Key Takeaways:

  • AB 9 extends the statute of limitations from one year to three years for all employment claims brought under FEHA—not just sexual harassment claims

  • AB 9 triples the statute of limitations, meaning employers will need to review their retention policies to ensure accurate recordkeeping for the appropriate timeframe

  • AB 9 provides that it does not apply to previously lapsed claims, but the bill leaves unanswered how claims that arose in 2019 should be treated—employers must be prepared to argue on the inapplicability of AB 9

Last year, the #MeToo movement spurred the California Legislature into introducing a slate of new bills–one of the latest is California Assembly Bill 9 (AB 9), which Gov. Gavin Newsom signed into law on October 10, 2019. AB 9 is a new employment law that, effective January 1, 2020, will triple the existing statute of limitations period for employees to file a claim with the California Department of Fair Employment and Housing (DFEH) after an alleged violation.

The California Fair Employment and Housing Act (FEHA) makes unlawful any discrimination, harassment, and retaliation based on protected characteristics in the workplace. Currently, if there is a violation, FEHA allows an aggrieved employee up to one year to file a charge with the DFEH. The department will then either resolve the case or issue a notice of right to sue, after which time, the employee would have an additional year to file an action in court.

With the rise of the #MeToo movement, however, there was a push to reconsider and extend the one-year statute of limitations. In an Assembly Floor Analysis prior to the passing of AB 9, supporting members explained their rationale:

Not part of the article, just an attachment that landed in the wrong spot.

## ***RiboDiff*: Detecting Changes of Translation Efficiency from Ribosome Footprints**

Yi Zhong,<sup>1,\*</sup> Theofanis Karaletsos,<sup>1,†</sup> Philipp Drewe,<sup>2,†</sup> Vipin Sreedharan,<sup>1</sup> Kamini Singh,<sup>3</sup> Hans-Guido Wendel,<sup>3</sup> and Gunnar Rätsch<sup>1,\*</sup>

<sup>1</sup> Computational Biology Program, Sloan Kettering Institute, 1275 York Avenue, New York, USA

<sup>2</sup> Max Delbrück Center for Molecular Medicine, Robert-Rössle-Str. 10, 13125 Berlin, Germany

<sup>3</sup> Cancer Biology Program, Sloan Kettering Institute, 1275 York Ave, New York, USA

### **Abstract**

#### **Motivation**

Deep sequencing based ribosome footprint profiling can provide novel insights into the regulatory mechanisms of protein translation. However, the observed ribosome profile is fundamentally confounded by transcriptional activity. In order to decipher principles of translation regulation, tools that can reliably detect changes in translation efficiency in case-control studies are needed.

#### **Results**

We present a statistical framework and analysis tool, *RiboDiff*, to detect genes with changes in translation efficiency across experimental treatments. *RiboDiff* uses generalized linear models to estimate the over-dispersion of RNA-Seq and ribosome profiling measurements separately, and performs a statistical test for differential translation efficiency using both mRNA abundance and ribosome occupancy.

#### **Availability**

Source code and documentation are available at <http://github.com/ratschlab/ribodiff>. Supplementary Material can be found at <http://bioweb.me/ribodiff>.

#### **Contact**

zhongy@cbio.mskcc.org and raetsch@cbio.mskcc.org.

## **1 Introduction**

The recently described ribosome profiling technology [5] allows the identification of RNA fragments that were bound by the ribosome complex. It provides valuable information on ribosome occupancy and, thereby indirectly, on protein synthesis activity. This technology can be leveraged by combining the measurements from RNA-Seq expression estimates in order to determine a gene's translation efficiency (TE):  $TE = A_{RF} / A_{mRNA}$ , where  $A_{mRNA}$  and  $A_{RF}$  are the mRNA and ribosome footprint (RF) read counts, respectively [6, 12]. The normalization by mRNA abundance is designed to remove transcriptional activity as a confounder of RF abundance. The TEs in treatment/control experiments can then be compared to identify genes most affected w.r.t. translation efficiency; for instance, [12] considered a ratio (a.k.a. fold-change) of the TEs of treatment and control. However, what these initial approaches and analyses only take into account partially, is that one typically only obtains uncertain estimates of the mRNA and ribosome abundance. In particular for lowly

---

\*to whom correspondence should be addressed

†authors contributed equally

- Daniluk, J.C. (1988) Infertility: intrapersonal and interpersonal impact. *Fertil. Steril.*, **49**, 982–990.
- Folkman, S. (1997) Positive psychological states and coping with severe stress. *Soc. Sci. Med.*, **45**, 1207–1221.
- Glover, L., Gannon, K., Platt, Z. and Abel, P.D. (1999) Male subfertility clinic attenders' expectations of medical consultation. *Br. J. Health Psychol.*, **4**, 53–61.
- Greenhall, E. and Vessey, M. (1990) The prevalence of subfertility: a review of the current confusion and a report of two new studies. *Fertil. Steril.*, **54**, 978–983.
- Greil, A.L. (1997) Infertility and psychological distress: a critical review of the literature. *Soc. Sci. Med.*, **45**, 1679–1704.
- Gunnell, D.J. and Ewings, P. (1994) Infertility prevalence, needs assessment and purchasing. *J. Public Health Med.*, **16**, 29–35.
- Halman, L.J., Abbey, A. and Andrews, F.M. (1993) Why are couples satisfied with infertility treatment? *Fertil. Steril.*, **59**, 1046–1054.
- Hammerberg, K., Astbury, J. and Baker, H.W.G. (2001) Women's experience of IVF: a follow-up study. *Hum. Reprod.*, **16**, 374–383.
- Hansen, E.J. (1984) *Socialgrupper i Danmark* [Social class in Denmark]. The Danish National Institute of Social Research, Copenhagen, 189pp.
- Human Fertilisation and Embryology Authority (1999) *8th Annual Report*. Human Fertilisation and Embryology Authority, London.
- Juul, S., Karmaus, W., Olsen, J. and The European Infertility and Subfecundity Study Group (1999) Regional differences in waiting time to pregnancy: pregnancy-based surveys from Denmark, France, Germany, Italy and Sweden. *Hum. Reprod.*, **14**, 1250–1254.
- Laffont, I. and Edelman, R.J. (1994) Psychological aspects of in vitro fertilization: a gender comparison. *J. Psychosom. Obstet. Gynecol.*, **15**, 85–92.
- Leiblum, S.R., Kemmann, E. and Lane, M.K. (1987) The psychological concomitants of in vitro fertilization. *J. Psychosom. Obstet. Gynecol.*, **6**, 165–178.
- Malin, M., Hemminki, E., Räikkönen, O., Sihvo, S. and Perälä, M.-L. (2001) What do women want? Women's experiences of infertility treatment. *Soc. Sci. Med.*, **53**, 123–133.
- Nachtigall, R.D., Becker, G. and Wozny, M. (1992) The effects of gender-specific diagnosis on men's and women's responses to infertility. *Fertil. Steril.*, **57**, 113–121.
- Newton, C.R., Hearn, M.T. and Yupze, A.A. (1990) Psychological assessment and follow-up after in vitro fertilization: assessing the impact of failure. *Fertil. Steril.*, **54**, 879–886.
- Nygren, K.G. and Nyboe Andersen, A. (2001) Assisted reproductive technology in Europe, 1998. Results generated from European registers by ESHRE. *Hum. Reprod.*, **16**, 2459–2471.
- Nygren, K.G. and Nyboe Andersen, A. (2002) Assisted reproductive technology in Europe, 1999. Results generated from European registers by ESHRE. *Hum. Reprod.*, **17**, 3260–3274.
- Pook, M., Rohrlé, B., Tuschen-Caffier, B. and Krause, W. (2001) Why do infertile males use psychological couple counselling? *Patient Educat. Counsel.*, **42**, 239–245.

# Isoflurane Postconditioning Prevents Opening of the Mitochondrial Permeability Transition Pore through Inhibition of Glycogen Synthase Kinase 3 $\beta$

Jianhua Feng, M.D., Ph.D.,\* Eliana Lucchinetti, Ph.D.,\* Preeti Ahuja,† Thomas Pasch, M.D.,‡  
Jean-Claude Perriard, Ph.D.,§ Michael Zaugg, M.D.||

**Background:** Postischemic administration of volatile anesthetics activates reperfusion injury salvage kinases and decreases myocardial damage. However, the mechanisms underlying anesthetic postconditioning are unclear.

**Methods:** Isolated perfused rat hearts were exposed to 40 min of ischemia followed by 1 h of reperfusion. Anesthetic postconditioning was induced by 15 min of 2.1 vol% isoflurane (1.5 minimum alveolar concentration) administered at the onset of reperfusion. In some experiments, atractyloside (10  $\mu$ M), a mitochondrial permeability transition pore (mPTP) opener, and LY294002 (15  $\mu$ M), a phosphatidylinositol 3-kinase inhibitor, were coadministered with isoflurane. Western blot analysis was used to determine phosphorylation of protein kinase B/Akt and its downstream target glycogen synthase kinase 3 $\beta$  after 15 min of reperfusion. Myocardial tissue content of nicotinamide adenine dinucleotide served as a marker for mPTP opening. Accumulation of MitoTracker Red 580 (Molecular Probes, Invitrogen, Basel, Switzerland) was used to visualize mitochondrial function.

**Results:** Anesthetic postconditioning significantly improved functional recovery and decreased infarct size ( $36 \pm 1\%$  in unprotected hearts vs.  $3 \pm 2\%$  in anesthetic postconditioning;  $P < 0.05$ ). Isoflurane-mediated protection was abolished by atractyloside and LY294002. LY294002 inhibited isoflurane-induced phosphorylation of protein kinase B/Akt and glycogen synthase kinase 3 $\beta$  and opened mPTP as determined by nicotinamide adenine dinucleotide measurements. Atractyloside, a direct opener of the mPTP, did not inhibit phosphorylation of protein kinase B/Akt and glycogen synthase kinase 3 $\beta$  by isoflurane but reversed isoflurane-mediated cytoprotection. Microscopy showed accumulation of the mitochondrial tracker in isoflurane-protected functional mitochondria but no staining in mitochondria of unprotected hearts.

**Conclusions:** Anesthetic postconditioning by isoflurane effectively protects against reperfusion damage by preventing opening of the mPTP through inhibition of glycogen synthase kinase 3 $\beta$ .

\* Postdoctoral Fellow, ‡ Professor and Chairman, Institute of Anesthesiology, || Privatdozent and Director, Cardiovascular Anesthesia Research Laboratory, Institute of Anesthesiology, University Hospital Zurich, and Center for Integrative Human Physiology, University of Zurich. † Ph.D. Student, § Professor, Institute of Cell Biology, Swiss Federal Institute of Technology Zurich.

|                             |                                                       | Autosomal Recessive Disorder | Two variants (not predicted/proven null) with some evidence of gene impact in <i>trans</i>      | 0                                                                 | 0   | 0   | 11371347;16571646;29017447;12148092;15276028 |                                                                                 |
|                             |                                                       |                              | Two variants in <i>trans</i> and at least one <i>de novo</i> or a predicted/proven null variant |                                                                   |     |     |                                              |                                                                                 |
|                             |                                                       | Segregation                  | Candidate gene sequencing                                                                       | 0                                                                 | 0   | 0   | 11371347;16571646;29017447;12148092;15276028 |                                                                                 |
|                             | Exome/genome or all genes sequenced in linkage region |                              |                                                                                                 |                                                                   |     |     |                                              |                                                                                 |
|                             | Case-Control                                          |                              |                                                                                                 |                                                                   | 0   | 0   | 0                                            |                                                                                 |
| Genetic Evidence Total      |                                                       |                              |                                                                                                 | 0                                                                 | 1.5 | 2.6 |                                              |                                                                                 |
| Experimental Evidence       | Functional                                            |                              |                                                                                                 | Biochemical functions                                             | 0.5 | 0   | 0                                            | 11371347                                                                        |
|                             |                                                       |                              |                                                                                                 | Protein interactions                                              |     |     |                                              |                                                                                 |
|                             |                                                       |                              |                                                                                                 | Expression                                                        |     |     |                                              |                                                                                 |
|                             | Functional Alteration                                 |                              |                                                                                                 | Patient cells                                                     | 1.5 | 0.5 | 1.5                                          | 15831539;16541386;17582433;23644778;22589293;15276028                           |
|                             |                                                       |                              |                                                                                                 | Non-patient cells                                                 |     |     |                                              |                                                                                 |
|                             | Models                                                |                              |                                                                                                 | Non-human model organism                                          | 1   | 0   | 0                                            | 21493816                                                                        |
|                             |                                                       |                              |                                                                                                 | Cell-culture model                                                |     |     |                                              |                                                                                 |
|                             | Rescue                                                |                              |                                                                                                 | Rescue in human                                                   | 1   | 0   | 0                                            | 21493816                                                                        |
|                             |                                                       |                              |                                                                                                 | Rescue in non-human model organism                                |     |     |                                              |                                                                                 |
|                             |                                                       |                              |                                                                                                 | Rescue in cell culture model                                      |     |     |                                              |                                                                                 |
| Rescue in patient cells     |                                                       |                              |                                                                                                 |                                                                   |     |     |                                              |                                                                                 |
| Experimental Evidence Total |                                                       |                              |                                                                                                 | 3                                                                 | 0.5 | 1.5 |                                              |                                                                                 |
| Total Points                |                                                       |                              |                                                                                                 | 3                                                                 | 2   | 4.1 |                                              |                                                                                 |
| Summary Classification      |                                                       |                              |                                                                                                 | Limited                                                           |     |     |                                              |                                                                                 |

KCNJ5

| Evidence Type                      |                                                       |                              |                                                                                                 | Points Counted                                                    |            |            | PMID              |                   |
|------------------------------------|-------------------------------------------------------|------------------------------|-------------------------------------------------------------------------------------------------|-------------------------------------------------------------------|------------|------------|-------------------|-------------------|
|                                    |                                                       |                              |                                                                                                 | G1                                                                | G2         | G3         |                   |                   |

The #MeToo movement has brought attention to many of the dynamics related to sexual harassment. In particular, many victims have shared that they need ample time to fully grasp what happened to them before they felt comfortable coming forward. In addition, the fear of retaliation often prevented victims from being able to report incidents of sexual harassment. These barriers are not limited to sexual harassment. Victims of all forms of discrimination and harassment may be initially unclear about what happened, unaware of their rights, or reluctant to report misconduct to their boss.

To address these barriers, AB 9 will extend the timeline for aggrieved employees to file a FEHA complaint with DFEH from one year from the date of the violation to three years, which does not include the additional year post-DFEH statutory period to file a lawsuit. This poses a number of implications for employers:

  1. While the primary push for this bill was to improve sexual harassment prevention policies, employers must note that this law applies to all employment claims brought under FEHA–not just sexual harassment claims.
  2. Tripling of the statute of limitations means tripling the time period during which records may be lost, memories forgotten, workforce replaced, etc. Given that employers may now find themselves defending against a case in which the subject incident occurred four years prior to the civil action, employers will need to review their retention policies to ensure accurate recordkeeping for the appropriate timeframe.
  3. This bill clearly states that it does not apply to lapsed claims (i.e., claims in which the one-year statute of limitation ends prior to the effective date of January 1, 2020). However, it does not address how cases that arise in 2019 (cases that arose prior to the effective date, but would not be lapsed by the effective date) will be treated. Employers facing such claims must be prepared to argue on the inapplicability of AB 9 on such cases.